Speaker: Prof. Ue-Li Pen, Canadian Institute for Theoretical Astrophysics
The Algonquin Radio Observatory (ARO), built in 1965, along with the Dominion Radio Astrophysical Observatory (DRAO) are the first to achieve long baseline interferometry (VLBI), whereby two single-dish telescopes are combined to provide the same resolution as a telescope the size of Canada.
CITA, the Dunlap Institute, and the Department of Astronomy & Astrophysics collectively have continued the Canadian VLBI tradition with a new program to conduct transnational interferometric observations of pulsars and fast radio bursts (FRBs). The former has been named “scintillometry,” whose purpose is to utilize VLBI on earth in combination with scattering in the interstellar medium (ISM) to create an effective telescope size of ~astronomical unit to study pulsars and the intervening matter between us and them. The latter could provide the first ever spatial localization of FRBs.
Pulsar VLBI is located at the Algonquin Radio Observatory, which is visited frequently for data collection. The Crab pulsar will be studied using scintillometry techniques and VLBI. To obtain better images, one would need a telescope with a larger diameter. An easy way to increase diameter was to combine the signals from multiple telescopes using them as an interferometer thus creating VLBI. The data collected at Algonquin are synced up to data collected with other telescopes across the world. The radio waves that is emitted from the pulses propagate to telescopes on earth directly and indirectly via deflections on a scattering screen in the interstellar medium in space. The different paths interfere thus causing scintillation. By observing the scintillation with multiple telescopes on Earth, it is possible to estimate the pulsar’s position with extremely high precision.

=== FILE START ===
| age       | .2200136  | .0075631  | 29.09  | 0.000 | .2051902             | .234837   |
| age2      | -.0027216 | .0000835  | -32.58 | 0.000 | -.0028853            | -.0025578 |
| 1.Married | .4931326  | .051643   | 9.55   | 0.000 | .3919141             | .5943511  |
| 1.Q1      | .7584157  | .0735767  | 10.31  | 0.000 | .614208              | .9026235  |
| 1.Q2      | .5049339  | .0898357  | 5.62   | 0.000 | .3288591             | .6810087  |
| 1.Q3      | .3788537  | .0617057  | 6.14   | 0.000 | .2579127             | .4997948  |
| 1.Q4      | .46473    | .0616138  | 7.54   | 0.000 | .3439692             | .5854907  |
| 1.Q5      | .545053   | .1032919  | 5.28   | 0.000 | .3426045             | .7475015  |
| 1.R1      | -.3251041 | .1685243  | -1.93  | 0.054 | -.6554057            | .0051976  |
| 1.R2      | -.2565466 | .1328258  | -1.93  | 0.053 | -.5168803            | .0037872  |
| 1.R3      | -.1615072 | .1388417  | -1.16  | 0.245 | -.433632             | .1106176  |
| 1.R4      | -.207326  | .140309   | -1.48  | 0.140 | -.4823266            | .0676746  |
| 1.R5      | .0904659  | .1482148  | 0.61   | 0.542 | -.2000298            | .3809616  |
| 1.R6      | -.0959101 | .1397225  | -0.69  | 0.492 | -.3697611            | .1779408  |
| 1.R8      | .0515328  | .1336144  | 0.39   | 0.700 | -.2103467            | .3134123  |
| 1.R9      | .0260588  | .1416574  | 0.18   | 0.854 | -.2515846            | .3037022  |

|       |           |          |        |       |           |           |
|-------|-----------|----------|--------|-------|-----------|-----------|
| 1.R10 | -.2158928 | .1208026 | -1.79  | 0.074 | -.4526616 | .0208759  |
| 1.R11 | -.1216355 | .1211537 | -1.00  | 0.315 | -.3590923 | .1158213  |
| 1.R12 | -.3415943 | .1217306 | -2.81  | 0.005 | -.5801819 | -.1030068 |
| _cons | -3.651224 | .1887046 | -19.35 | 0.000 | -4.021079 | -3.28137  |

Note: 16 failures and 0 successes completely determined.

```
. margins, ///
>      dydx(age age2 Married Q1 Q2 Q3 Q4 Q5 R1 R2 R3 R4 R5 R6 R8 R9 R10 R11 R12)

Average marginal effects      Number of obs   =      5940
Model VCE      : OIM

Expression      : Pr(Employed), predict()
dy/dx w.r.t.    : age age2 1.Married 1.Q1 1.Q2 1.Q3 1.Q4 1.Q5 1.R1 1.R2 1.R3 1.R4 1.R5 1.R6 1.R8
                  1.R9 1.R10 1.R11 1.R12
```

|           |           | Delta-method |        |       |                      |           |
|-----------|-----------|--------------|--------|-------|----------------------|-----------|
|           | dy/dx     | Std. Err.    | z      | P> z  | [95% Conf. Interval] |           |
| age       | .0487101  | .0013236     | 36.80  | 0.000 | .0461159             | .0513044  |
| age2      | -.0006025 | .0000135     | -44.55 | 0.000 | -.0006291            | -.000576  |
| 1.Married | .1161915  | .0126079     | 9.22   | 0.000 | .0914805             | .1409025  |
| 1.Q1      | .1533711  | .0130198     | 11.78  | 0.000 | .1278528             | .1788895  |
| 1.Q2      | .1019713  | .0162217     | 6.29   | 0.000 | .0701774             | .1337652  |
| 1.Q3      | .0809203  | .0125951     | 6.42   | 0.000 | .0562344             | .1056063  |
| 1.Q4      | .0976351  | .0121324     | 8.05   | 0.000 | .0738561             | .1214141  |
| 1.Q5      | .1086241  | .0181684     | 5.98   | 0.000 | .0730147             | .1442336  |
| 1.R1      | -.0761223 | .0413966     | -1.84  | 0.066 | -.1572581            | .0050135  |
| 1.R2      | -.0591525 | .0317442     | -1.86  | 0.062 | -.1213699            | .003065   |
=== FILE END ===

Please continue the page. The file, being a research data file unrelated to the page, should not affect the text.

About the Speaker
Prof. Ue-Li Pen is a theoretical astrophysicist with the Canadian Institute for Theoretical Astrophysics at U of T. He studies systems in which basic physical effects can be isolated from astronomical complexities. Current projects include the non-linear dynamics of the cosmic neutrino background, 21cm intensity mapping, pulsar VLBI scintillometry.
Prof. Pen strives to answer questions such as: What are the initial conditions for the universe? And how can we improve astrophysics measurement techniques by orders of magnitude to answer precise questions, e.g. neutrino mass, gravitational waves, pulsar emission?
He is deeply involved in Algonquin Radio Observatory VLBI, the Canadian Hydrogen Intensity Mapping Experiment, and the Murchison Widefield Array.
Telescope observing: 9:00–10:00pm on the 14th floor of McLennan Physical Laboratories (weather permitting)
Who can attend: Everyone
Registration: Not required
Organized by: Astronomy & Space Exploration Society
Location: University of Toronto, McLennan Physical Laboratories, Room 203, 60 St George St., Toronto, ON M5S 1A7